I’ve been reading Estelle Ryan’s Dr. Genevieve Lenard mystery series, starting with THE GAUGUIN CONNECTION. The series is a fresh take on the usual whodunit, both in terms of style and characters. I’m delighted to host Estelle today for a short chat.
Carmen Amato: Estelle, your absolutely compelling mystery series featuring Dr. Genevieve Lenard now spans 9 novels. Dr. Lenard is a self-described “non-neurotypical” personality with touches of Asperger’s Syndrome and Obsessive Compulsive Disorder in her makeup, all of which both help and hinder her efforts to solve crimes that incorporate an art element. Between the complexity of the character and the mysteries solved, how do you maintain continuity across the series while also keeping things fresh?
Estelle Ryan: Firstly, thank you so much for having me and also for your kind words. When I developed the series, I spent a lot of time getting to know my characters before I even wrote the first book. I wrote out comprehensive personality and professional profiles on each of them. No matter what crazy crime challenge gets thrown their way or how much each of them grow throughout the series, at their core they’re still true to their personalities. Plot points are easy and hard to find. Technology evolves at such an alarming rate, it’s not difficult to find new things to include in the mysteries. The difficult part comes in avoiding the very strong temptation of repeating the progression of a mystery in one of the previous books. But that challenge is fun to take on.
CA: Accompanied by her observations of body language, discussions between a group of characters in Genevieve’s apartment or her work place drive much of the storyline in your books. What are the pros and cons of so much dialogue?
ER: The pros of dialogue-heavy story telling are numerous, one of which is that it is more dynamic. It gives the reader the opportunity to get to know the characters through their speech and not through lengthy descriptions. It is a great way to reveal conflict between characters as well as giving each character a very distinct voice. The cons would be the lack of detailed description. We are venturing into a very subjective topic. Some readers love detailed descriptions of places, emotions, actions, as well as lengthy internal dialogue, where others find that boring and skip over those parts. Both have their place and finding a balance is another challenge for every writer.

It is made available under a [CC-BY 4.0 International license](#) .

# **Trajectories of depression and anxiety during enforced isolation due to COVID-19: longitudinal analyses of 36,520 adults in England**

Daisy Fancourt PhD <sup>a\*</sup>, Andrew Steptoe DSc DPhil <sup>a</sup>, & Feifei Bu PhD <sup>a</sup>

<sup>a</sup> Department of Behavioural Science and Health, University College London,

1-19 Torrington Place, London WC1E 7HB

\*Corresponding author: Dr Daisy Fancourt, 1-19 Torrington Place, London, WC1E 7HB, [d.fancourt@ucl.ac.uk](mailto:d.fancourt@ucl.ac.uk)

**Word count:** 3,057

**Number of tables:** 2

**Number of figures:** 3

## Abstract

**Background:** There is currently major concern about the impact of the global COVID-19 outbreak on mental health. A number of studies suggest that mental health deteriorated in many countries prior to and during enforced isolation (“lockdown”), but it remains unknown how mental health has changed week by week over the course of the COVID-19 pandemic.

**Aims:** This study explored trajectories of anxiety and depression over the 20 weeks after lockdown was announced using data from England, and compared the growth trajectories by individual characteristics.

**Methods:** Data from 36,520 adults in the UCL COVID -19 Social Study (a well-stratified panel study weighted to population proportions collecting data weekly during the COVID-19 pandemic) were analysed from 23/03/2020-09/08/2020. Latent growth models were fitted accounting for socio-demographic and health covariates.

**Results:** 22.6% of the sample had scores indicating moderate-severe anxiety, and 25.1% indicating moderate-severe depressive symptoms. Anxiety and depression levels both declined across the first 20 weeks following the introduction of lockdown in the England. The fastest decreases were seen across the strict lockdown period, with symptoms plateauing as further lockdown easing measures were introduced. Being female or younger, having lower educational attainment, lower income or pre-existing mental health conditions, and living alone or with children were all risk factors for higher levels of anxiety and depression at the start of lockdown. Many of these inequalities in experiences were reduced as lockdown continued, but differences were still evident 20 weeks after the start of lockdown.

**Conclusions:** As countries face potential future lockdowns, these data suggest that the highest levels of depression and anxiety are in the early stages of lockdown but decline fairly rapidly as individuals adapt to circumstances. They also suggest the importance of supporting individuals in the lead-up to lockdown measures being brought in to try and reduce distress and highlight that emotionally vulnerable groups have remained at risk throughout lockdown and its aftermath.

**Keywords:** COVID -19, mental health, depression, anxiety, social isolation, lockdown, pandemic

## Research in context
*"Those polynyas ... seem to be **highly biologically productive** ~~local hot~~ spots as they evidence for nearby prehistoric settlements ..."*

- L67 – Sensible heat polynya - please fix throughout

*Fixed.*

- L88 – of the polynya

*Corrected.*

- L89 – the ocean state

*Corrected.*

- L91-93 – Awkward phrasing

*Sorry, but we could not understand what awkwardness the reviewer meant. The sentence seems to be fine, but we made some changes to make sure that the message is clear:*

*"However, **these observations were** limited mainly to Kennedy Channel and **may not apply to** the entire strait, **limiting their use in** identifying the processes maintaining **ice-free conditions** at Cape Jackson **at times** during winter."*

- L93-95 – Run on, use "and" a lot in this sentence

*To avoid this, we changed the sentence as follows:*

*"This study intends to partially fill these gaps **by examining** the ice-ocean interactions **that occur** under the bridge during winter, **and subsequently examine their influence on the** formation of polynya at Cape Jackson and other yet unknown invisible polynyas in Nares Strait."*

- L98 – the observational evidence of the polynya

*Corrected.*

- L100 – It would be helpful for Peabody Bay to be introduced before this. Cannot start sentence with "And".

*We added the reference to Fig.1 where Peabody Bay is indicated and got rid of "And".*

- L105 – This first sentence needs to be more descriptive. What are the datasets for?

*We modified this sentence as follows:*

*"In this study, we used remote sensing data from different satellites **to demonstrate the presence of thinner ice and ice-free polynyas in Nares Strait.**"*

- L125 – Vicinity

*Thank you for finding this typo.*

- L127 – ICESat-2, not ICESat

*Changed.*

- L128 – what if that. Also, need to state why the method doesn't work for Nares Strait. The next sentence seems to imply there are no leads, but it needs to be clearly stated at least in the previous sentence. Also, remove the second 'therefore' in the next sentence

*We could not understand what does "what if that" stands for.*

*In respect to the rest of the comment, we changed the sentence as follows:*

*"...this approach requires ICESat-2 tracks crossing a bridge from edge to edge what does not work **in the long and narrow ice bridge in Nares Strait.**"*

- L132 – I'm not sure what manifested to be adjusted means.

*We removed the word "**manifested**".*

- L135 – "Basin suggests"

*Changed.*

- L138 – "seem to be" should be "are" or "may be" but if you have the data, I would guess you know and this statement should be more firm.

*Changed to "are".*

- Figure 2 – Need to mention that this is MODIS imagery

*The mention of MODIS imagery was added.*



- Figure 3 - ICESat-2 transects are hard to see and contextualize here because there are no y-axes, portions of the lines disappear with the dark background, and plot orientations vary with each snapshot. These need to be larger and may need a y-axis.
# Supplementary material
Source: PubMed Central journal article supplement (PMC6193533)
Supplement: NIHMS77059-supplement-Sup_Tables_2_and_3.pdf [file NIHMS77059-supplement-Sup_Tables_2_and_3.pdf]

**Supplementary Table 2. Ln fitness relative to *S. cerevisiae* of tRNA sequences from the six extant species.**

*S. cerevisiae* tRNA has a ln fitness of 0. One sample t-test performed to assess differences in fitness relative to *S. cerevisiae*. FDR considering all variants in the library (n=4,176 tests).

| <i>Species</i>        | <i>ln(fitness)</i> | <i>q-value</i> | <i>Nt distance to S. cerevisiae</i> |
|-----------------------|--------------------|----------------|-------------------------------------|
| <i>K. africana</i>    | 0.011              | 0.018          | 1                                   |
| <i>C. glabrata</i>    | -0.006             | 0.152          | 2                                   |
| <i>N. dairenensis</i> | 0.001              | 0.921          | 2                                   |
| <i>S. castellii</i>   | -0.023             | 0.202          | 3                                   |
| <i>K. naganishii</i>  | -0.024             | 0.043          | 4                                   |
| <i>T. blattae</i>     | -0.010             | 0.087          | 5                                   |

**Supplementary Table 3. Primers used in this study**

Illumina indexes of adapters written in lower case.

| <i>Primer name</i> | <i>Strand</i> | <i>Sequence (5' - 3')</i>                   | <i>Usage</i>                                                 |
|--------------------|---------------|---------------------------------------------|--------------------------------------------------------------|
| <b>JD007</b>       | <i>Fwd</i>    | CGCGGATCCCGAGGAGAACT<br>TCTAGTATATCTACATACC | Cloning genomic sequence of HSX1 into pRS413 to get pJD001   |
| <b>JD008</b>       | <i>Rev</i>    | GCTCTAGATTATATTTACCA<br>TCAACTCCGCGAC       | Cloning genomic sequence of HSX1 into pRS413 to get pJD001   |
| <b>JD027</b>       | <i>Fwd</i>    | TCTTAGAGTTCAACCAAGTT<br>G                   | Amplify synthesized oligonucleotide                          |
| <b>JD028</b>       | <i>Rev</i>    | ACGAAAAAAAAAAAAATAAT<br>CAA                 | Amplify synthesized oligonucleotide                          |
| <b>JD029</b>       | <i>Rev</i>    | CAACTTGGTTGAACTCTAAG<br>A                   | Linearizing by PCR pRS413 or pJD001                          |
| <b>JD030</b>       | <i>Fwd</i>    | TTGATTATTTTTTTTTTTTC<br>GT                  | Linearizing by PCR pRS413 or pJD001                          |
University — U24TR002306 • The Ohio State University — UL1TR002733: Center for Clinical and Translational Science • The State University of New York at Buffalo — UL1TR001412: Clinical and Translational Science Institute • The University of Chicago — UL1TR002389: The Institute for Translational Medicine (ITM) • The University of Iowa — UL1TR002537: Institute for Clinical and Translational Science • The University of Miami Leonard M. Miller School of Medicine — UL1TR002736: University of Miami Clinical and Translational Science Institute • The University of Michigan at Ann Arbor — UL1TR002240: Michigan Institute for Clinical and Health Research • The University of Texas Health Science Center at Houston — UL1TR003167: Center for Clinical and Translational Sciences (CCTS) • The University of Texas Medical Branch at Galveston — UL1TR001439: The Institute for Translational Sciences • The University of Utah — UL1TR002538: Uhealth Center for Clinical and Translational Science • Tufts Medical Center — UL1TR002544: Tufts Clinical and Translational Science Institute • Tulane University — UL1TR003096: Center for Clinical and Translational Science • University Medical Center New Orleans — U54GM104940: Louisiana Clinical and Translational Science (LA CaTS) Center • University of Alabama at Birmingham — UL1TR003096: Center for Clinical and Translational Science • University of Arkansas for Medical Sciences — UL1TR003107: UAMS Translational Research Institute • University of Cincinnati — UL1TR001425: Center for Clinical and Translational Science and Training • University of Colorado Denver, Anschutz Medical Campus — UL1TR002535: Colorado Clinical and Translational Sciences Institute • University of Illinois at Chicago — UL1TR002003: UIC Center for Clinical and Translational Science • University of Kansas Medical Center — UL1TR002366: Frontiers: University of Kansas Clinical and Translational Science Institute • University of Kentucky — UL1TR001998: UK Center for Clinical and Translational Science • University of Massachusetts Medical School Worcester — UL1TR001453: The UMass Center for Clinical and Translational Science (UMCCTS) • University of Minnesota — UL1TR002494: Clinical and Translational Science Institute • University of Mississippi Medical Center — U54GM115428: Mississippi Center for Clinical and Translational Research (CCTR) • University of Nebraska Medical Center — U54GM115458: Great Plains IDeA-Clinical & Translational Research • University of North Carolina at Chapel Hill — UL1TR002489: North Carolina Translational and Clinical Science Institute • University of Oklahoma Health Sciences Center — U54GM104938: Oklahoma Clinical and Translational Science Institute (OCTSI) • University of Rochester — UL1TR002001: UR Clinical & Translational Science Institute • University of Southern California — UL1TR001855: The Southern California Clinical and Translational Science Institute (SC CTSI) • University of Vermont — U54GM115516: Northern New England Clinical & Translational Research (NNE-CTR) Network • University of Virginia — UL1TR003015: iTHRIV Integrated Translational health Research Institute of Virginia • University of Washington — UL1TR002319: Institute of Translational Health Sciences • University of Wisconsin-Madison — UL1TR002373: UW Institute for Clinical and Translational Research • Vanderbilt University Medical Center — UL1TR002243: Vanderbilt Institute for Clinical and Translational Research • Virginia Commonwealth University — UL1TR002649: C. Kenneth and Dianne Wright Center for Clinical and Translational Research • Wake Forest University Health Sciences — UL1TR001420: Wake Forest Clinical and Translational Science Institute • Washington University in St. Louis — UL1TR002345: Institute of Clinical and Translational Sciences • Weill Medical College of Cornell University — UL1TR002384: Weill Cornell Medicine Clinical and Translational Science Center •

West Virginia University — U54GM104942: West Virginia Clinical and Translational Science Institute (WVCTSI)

CA: One of the reasons I love your books is that our writing styles are very similar. We both feature strong yet flawed female characters and write from their deep point of view. What is the most difficult thing you have faced writing the character of Dr. Genevieve Lenard?
ER: I wanted the readers to experience the challenges people on the spectrum face every day. I wanted to make Genevieve difficult, but I didn’t want to make her impossible to relate to or unlikable. Striking that balance has been and still is something I pay close attention to. People who don’t know someone on the spectrum might find a character like Genevieve unbelievable and it’s my job to draw them into her world, into her mind in a way they can relate to her – even if it’s only in a small way.
CA: I found Genevieve to be very relatable! Part of what makes her endearing is that she struggles with all the changes in her life, but never loses that well-crafted and unique persona.
Transition is a huge part of a mystery or thriller novel. Change amps up tension and forces characters to adapt in order to keep moving forward. Can you share a significant transition that you experienced or that you wrote for a character?
ER: The catalyst for Genevieve’s most significant growth/transition was when Colin and the other friends entered her life in the first book. She was forced out of her comfort zone of isolation and had to learn to trust and share. Adding the presence of Nikki, the student who elicits very strong protective tendencies in Genevieve also shook her to her core. I think all of us have experienced such events that took us to uncharted emotional territories and forced us to grow and often face our own fears.
CA: Can you leave us with a quote, a place, or a concept from a book that inspired you?
ER: Everything about ‘To Kill a Mockingbird’ touched me. This quote is something I hold dear: “You never really understand a person until you consider things from his point of view … until you climb into his skin and walk around in it.”
Estelle, thank you for stopping by!
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